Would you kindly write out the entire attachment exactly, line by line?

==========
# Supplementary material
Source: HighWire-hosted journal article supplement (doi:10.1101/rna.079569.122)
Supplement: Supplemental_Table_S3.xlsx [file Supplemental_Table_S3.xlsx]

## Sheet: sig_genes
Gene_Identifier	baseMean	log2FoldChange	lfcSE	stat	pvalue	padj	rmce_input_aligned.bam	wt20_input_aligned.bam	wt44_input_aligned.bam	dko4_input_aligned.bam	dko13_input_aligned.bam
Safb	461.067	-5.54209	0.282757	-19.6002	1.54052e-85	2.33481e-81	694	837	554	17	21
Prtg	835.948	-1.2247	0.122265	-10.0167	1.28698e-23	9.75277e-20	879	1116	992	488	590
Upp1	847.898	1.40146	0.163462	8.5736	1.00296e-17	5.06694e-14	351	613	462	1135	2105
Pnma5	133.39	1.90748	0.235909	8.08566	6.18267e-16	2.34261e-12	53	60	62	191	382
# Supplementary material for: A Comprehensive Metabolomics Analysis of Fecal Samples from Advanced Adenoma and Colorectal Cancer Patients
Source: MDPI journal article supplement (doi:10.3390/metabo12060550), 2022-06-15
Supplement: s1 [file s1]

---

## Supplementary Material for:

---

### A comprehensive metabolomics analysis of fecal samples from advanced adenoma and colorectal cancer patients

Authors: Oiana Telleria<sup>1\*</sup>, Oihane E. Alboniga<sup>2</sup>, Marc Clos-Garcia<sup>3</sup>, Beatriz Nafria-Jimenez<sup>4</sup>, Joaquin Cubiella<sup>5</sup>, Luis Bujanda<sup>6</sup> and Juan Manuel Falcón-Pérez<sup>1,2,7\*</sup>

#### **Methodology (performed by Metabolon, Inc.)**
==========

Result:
# Supplementary material
Source: HighWire-hosted journal article supplement (doi:10.1101/rna.079569.122)
Supplement: Supplemental_Table_S3.xlsx [file Supplemental_Table_S3.xlsx]

## Sheet: sig_genes
Gene_Identifier	baseMean	log2FoldChange	lfcSE	stat	pvalue	padj	rmce_input_aligned.bam	wt20_input_aligned.bam	wt44_input_aligned.bam	dko4_input_aligned.bam	dko13_input_aligned.bam
Safb	461.067	-5.54209	0.282757	-19.6002	1.54052e-85	2.33481e-81	694	837	554	17	21
Prtg	835.948	-1.2247	0.122265	-10.0167	1.28698e-23	9.75277e-20	879	1116	992	488	590
Upp1	847.898	1.40146	0.163462	8.5736	1.00296e-17	5.06694e-14	351	613	462	1135	2105
Pnma5	133.39	1.90748	0.235909	8.08566	6.18267e-16	2.34261e-12	53	60	62	191	382
# Supplementary material for: A Comprehensive Metabolomics Analysis of Fecal Samples from Advanced Adenoma and Colorectal Cancer Patients
Source: MDPI journal article supplement (doi:10.3390/metabo12060550), 2022-06-15
Supplement: s1 [file s1]

---

## Supplementary Material for:

---

### A comprehensive metabolomics analysis of fecal samples from advanced adenoma and colorectal cancer patients

Authors: Oiana Telleria<sup>1\*</sup>, Oihane E. Alboniga<sup>2</sup>, Marc Clos-Garcia<sup>3</sup>, Beatriz Nafria-Jimenez<sup>4</sup>, Joaquin Cubiella<sup>5</sup>, Luis Bujanda<sup>6</sup> and Juan Manuel Falcón-Pérez<sup>1,2,7\*</sup>

#### **Methodology (performed by Metabolon, Inc.)**